By Geoff Adams-Spink
BBC News website disability affairs reporter
Disability organisations have criticised the government's decision to give rail companies another 16 years to ensure that trains are fully accessible.
The announcement of the 2020 end date was made just three days after the Disability Discrimination Bill - which will improve the rights of disabled people - was published in the House of Lords.
Disabled travellers will have to wait another 16 years for full access
"Trains are a vital link in the accessible transport chain," said transport minister Charlotte Atkins.
"It is important that disabled people have confidence that, when travelling by rail, the train that arrives will be accessible to them."
Leonard Cheshire - a disability charity which has been campaigning on transport accessibility - says 2020 is "later than we would have liked".
"The key now is to ensure that these regulations are properly enforced," said the organisation's head of policy, John Knight.
Mr Knight thinks that although it is a relief to have an end date that train operators have to work towards, the important thing is make sure that the regulations are watertight.
"Some elements in the rail industry have already hinted that they could ignore the regulations," he said.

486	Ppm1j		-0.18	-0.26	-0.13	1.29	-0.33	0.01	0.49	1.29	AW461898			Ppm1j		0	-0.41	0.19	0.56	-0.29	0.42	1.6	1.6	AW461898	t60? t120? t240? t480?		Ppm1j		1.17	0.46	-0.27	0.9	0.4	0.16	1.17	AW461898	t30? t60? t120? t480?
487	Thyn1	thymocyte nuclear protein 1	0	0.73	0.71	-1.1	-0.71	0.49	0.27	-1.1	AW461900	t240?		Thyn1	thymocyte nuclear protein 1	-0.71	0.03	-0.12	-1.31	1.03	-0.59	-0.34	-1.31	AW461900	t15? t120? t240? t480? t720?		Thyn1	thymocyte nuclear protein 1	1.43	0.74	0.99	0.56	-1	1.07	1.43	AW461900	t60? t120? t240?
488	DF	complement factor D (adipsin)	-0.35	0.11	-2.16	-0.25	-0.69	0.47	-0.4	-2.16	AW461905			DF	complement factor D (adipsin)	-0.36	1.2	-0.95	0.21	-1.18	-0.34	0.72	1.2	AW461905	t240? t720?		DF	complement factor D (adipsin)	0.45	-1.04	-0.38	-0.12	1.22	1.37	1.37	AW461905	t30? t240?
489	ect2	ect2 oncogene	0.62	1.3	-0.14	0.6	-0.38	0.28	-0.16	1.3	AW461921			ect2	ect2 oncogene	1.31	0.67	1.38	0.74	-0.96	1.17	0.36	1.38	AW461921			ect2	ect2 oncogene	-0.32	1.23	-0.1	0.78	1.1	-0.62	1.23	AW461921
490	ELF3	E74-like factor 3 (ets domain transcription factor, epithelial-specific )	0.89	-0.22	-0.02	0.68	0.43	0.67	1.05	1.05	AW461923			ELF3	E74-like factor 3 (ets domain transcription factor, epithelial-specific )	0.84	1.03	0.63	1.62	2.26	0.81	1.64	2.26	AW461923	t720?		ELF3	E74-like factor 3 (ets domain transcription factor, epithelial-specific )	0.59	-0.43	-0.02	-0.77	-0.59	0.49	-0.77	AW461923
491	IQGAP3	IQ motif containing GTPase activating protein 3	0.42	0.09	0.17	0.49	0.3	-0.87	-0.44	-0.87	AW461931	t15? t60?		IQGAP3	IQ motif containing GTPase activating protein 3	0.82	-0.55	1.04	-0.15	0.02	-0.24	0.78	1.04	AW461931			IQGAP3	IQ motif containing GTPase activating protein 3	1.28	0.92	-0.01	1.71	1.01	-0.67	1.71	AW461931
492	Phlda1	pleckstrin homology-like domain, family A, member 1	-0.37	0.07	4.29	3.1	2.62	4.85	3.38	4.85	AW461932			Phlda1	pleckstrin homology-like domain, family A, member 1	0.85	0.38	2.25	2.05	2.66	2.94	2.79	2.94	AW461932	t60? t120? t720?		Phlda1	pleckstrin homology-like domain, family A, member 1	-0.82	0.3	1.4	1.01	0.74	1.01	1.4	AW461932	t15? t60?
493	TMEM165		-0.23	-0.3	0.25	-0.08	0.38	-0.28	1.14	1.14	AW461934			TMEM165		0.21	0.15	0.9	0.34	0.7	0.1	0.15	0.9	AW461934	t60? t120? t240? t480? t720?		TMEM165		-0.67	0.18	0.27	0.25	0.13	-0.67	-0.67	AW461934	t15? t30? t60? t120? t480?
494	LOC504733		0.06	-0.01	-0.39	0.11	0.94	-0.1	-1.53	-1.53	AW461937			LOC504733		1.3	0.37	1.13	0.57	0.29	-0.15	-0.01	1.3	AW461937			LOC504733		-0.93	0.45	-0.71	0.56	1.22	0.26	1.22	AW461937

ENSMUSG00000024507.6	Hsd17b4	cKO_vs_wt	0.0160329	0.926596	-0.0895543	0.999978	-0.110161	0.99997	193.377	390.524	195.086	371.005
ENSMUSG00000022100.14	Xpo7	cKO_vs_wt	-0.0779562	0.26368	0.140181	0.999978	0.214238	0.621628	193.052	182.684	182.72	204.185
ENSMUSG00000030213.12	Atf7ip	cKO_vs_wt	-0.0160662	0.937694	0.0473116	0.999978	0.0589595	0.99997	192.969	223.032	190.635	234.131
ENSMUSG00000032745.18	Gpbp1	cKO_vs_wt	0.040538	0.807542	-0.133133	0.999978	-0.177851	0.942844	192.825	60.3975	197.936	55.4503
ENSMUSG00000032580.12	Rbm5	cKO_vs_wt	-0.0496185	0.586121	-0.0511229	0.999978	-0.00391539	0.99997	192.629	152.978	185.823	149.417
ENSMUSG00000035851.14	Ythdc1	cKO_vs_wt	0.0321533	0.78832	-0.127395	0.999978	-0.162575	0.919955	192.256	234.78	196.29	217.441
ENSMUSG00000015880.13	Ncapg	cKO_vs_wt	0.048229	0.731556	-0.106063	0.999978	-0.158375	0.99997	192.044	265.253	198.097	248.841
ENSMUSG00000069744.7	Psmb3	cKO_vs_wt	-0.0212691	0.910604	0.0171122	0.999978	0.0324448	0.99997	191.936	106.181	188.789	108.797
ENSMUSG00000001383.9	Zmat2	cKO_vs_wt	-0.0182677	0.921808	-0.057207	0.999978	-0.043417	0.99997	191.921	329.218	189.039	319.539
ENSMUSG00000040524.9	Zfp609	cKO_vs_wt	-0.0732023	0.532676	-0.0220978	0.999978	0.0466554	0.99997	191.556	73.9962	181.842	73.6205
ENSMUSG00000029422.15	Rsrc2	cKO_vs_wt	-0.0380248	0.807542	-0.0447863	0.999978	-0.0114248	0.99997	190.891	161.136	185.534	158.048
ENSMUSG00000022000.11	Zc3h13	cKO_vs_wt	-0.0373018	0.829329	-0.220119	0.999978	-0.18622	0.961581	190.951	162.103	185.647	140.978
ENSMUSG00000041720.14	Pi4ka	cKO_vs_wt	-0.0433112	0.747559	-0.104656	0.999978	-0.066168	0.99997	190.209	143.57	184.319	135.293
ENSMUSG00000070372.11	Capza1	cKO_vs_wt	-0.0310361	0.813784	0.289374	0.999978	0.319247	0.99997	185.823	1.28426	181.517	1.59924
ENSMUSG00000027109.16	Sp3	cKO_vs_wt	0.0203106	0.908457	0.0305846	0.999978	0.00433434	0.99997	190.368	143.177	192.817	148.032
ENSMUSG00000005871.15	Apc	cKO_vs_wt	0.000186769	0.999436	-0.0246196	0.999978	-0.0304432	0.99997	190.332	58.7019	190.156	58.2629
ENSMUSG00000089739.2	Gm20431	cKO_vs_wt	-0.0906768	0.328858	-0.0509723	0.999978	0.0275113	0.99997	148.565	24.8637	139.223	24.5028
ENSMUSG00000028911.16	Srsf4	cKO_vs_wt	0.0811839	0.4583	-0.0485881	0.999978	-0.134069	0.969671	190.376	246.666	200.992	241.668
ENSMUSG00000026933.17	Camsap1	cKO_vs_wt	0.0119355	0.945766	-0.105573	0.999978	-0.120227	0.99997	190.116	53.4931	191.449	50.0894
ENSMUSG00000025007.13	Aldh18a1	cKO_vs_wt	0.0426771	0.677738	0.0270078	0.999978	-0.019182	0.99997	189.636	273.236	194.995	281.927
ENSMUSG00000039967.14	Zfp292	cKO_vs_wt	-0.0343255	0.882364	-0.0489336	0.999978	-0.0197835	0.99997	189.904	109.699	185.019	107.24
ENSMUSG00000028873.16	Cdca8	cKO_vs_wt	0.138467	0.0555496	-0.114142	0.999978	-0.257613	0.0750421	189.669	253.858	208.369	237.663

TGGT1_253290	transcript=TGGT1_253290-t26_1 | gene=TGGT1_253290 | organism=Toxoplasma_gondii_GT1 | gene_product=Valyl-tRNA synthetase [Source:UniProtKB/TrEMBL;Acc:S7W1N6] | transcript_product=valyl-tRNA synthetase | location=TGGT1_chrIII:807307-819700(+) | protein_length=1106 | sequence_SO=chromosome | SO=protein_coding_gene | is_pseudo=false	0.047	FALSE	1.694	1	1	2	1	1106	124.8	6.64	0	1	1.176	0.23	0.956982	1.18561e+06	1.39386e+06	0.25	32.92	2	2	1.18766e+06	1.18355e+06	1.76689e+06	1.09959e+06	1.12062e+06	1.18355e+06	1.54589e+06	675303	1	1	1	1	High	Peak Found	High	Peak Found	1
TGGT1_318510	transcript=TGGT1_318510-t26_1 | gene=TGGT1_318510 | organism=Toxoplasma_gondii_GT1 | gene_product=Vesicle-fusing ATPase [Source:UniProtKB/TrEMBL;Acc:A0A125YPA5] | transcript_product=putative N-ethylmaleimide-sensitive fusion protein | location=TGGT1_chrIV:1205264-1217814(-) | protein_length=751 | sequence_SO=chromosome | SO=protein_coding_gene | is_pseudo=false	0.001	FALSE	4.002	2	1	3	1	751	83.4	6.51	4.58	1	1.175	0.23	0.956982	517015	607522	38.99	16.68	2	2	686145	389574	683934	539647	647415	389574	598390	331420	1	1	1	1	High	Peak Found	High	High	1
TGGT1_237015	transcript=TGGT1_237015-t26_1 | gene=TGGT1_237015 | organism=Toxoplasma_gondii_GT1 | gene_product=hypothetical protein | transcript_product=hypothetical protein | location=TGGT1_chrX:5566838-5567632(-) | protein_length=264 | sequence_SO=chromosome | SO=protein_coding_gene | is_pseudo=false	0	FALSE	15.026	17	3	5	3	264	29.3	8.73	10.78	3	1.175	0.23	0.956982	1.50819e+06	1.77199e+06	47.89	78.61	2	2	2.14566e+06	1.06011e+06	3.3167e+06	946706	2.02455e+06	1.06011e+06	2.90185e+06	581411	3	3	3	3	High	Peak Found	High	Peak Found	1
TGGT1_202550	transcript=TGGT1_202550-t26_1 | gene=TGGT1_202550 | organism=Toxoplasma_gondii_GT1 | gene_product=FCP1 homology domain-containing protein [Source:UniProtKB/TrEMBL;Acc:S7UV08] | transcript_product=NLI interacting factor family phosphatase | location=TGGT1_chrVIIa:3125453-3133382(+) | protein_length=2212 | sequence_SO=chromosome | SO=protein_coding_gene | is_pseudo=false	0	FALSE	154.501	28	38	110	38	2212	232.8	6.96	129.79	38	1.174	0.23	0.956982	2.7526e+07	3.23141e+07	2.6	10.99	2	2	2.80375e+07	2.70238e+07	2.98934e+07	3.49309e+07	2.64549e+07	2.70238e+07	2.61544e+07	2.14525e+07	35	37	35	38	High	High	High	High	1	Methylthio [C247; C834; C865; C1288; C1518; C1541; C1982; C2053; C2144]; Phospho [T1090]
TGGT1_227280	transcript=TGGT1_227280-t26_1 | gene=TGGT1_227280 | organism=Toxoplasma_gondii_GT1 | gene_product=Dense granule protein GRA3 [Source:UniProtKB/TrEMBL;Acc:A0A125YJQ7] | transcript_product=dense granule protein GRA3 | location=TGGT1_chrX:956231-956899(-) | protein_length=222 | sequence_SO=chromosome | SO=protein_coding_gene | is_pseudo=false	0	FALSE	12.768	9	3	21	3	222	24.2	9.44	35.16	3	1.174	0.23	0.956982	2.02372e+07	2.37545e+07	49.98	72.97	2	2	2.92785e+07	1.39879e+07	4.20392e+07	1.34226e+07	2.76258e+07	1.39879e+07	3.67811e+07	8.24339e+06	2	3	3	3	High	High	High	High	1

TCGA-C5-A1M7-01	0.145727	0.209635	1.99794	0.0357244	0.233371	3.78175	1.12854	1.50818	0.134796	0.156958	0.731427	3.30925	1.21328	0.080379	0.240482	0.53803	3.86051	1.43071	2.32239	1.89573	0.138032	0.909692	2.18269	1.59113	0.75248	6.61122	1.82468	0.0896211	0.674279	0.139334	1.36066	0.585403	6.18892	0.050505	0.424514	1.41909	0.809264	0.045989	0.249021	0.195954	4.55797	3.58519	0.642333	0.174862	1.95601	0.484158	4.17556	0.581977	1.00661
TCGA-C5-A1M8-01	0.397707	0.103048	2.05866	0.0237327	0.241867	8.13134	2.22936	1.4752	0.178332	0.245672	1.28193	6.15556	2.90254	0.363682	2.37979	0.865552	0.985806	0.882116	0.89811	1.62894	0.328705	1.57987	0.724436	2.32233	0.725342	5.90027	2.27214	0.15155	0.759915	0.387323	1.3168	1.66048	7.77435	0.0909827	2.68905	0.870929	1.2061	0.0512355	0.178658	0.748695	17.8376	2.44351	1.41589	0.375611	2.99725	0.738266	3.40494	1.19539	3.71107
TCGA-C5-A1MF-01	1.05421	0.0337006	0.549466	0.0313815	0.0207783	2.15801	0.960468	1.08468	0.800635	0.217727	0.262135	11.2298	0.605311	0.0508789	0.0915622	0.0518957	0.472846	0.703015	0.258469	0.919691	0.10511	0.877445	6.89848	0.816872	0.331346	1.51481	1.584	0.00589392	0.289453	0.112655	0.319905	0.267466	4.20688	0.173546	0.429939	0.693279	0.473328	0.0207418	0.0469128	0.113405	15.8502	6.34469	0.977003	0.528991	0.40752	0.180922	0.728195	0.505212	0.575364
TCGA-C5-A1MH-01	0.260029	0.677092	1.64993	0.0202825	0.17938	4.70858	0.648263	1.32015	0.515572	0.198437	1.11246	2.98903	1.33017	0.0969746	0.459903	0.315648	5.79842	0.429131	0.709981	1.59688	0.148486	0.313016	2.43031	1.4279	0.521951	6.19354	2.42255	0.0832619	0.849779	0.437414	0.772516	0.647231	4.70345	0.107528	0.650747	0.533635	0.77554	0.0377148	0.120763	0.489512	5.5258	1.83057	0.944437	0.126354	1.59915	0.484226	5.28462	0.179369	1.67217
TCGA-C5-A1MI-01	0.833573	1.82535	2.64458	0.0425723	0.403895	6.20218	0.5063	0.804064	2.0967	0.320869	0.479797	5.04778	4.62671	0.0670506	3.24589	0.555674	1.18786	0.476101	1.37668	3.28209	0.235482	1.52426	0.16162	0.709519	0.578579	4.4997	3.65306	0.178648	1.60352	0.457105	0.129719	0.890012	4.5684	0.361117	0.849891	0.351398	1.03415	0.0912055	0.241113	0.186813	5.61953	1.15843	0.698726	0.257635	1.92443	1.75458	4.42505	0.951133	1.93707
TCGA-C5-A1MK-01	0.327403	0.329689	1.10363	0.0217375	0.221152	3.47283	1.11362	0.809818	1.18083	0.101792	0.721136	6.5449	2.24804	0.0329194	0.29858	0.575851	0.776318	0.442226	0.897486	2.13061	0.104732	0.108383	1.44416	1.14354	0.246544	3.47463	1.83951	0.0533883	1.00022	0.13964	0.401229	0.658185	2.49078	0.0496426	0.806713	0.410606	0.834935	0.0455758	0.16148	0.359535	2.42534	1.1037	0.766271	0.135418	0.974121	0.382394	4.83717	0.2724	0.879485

"They must be told that disabled people and the government won't let this happen.
"Sixteen years is long enough to wait."
A parliamentary committee, which had examined a draft of the Disability Discrimination Bill before it was published, had recommended a deadline of 2017 for rail accessibility.
Another disability organisation, RADAR, says putting the date back by another three years is "disappointing".
"An accessible and integrated transport system is vital if disabled people are to be allowed to achieve full social inclusion," said RADAR chief executive, Kate Nash.
She says an extra three years will mean more frustration and isolation for disabled travellers.
Kate Nash says rail access is needed for full inclusion
"Train companies have had ample time to make these adjustments," she said.
The Disability Rights Commission, the body which oversees the rights of disabled people in the UK, describes 2020 as "a clear point on the horizon" which disabled people can look forward to.
"Whether the deadline was 2017, as we hoped, or 2020 as the government has now pledged, train companies will need to begin work now to meet this important date," a spokesperson said.
New trains have had to comply with accessibility regulations governing audio and visual information systems, wheelchair accommodation and accessible toilets since 1999.
Existing rolling-stock will be upgraded as and when it is refurbished.
The government says there are almost 2,000 accessible train carriages in service, with another 700 expected in the next 18 months.